Emmanuel Renaut, a man of the mountain
The original article was published on Luxeat.com
Named Meilleur Ouvrier de France in 2004, Renaut is as generous in character as his cuisine is controlled and refined, both reflections of the rich yet subtle mountain environment in which they flourish. A former sous-chef of celebrity chef Marc Veyrat, also renowned for his use of mountainous plants and herbs, Renaut is now at the head of his own three-Michelin starred-restaurant Flocons de sel at a ski resort town near Mont Blanc, Megève in Haute-Savoie. Here is our conversation following an exquisite lunch at Flocons de sel on a recent crisp winter day.
Tell me about your first childhood memories of food and cuisine?
Childhood memories? I can hardly remember last week. So it’s even more difficult to remember my childhood. But I have always eaten well. My mother always cooked well. Family cooking, sensuous meals, household stables, in the spirit of a Blanquette de Veau (veal ragout) or Pain de Poisson (Fish Bread), quite classic things. I do have a true food memory, it is of one of a restaurant experience when I must have been eight or ten years old. I had the opportunity to eat at Greuze in Tournus. And for me, it was a really beautiful cuisine, with everything that could be gourmet and of French tradition, at the same time. A beautiful kitchen with a real tradition. It was a foodie stopover recognized throughout the world and when we stopped at Greuze, it was truly a gastronomic stopover. With Jean Ducloux, who was an incredible chef that I had the chance to meet. In addition to being an exceptional chef, he was a funny chef with anecdotes, with stories of everything that can exist about cooking.
Would you describe that as a Madeleine de Proust moment?
Maybe. But moreover, it was one of the things that pushed me to go into this profession, because it was beautiful. There were services, there were dishes, everything was there. And then, when you’re a kid, you look at things a little differently. I remember there was the dessert cart. For a kid, a dessert cart that comes with lots of things is just extraordinary. There are a lot of nice family memories in this place.
Your parents were, or are, fishmongers, tell me about that.
They were fishmongers. I was immersed in the world of fish all my childhood, but sea fish, therefore sea fish, with parents and great-grandparents from the Opal Coast. The Opal Coast is towards Picardy, the Hauts de France. By chance, I was born in the Paris (île de France) region. Yet, I have always been near water, lakes and in beautiful places. And then as now, a lover of the mountains, always.
Tell me about the chefs you’ve worked with.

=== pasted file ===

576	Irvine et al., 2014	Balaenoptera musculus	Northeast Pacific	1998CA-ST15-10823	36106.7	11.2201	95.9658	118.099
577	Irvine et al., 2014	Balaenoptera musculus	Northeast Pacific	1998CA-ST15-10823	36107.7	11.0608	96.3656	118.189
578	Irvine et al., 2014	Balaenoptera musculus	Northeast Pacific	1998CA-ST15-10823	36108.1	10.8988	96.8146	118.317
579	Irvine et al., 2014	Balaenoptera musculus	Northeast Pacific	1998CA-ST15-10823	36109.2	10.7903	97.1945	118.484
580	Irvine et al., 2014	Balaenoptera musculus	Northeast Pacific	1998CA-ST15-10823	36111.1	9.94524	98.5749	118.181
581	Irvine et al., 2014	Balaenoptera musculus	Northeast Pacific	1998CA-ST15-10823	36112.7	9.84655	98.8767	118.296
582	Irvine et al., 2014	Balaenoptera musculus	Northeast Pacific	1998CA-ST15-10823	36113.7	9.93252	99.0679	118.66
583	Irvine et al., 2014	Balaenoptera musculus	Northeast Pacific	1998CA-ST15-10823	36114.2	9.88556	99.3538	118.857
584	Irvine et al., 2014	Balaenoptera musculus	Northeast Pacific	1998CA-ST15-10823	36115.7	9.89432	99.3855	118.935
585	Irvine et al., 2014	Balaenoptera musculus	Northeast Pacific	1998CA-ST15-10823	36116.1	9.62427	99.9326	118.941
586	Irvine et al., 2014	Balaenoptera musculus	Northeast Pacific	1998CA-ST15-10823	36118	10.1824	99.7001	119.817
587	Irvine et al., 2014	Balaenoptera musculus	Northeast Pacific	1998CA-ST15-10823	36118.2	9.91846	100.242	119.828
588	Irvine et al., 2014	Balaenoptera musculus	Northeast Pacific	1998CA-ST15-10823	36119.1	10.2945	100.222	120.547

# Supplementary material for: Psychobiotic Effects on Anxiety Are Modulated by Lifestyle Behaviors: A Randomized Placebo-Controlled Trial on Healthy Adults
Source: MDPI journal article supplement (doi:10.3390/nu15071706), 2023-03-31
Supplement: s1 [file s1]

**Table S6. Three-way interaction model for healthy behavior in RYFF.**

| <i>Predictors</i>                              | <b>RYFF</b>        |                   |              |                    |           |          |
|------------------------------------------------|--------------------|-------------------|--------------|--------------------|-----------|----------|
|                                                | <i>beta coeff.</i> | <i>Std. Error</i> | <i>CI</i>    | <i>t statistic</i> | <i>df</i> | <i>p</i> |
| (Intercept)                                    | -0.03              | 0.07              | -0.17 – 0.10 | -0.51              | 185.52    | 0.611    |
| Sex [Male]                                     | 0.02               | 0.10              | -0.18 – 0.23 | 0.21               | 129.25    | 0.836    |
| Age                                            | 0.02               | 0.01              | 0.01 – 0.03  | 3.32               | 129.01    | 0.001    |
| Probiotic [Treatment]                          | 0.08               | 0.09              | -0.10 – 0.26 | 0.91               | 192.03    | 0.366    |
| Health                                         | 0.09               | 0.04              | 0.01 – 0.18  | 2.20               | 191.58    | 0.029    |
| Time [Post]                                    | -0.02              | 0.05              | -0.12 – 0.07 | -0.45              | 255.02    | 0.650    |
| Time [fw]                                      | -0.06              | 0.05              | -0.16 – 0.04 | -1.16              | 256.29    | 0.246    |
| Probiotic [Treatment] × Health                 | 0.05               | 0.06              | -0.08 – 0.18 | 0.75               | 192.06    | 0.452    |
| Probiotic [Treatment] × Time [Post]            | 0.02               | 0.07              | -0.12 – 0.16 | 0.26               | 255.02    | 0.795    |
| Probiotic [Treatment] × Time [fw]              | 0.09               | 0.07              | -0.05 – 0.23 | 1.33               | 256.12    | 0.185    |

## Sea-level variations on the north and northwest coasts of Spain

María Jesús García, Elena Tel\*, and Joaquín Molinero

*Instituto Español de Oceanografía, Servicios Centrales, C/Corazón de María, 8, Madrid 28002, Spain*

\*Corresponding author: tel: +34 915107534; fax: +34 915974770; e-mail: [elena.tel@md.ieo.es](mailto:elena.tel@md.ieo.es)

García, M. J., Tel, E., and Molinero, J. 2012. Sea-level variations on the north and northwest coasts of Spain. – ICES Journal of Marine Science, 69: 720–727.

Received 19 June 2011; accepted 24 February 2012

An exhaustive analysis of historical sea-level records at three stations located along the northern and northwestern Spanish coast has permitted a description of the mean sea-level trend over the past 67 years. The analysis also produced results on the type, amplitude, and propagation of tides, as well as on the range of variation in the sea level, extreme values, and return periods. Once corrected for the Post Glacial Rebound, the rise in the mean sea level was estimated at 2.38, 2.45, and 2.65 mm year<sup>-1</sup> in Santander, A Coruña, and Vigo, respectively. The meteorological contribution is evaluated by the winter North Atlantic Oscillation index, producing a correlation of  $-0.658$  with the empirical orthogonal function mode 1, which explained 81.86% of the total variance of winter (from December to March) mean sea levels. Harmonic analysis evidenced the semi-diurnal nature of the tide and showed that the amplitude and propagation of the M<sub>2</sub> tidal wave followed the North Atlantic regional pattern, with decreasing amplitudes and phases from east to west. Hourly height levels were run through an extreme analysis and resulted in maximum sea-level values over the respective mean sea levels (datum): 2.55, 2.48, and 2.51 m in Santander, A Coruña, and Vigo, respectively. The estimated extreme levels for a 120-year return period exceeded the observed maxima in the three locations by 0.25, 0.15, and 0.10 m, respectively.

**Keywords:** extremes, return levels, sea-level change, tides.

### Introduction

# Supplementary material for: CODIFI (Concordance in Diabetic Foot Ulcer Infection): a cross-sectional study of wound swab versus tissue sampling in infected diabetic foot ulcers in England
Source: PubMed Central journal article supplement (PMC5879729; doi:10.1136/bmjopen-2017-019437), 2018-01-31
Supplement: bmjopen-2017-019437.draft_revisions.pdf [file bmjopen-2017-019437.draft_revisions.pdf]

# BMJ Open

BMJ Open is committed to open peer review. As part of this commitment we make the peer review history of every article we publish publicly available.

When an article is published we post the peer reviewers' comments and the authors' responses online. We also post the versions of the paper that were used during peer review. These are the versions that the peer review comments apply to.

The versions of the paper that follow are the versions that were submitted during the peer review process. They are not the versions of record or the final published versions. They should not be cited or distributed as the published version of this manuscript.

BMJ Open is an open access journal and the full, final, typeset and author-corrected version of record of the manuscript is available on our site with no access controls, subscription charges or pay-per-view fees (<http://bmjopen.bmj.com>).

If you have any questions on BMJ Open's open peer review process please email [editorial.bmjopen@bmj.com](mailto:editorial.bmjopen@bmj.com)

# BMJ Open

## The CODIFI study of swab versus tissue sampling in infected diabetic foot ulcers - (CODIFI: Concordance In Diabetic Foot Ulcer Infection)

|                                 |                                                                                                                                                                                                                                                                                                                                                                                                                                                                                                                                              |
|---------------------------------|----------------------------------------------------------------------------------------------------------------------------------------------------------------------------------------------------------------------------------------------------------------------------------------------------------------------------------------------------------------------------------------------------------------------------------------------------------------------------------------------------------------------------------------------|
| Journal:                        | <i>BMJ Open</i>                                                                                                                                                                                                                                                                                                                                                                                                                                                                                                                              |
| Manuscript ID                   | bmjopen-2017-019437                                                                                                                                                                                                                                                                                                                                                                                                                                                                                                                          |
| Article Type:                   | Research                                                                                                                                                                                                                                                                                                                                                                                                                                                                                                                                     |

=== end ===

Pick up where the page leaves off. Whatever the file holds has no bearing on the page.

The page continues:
So, before moving to Megève, I worked with the greatest French chefs, like Marc Veyrat, Christian Constant and Éric Fréchon, Thierry Breton -world-renowned chefs, without forgetting Yves Thuriès, for pastry-making. Excellent chefs, but each with different visions. It means that I could compare Eric Fréchon to Yves Camdeborde, these two exceptional chefs, but with two completely different backgrounds, with bistronomic cuisine, while remaining produce-based. And then Eric Fréchon, with the cuisine of a palace, with the detail of cooking precision. Each completely different, but complementary. One day, we want to eat in detail and another day, we want to eat simple and sumptuous. The fun and luck of working with people like that has been incredible. And then Marc Veyrat, with a completely innovative vision of cooking. I worked with him 25 years ago, I believe from 89. He was innovative in promoting the short circuit because it was in all his kitchens. He moved in 92 to Vieux Annecy, old where his daughter now officiates. [ Editor’s note: Facing Lake Annecy, Carine Veyrat created her own establishment La Reine des Prés in October 2006 in her parents’ former restaurant].
At the time there were restaurants serving a lot of similar products and there weren’t as many local identities. At that time, not as much attention was paid to short circuits cooking. Marc Veyrat was one of the precursors, alongside Michel Bras and Olivier Roellinger, being a forerunner in this path.
I understand your influences to be very French but in fact, they come from all around the world.
I think we have influences from all our experiences, whether they are encounters or our travels. And then, we reinterpret these influences with our own DNA, in relation to our of the two cultures. I was very inspired by food in Japan. Not by Japanese cuisine, but more by the way they work in relation to products. I don’t have Japanese influences in my cooking, but I have been influenced by their respect for the product and their respect for all traditions and seasons. This has become natural. There is no longer any need to say that we are cooking in season since it’s become the norm. There was an era when it was fashionable to say it’s seasonal cuisine or regional cuisine. Now, this it’s just obvious. This is my line of conduct. About twenty years ago, I said stop to sea fish, except for the periods when fishing is closed. I said to stop sea fish because of all the riches we have around us. We don’t have to import fish from Brittany or the Mediterranean into our kitchen, especially since we have just exceptional products: arctic char, perch, féras.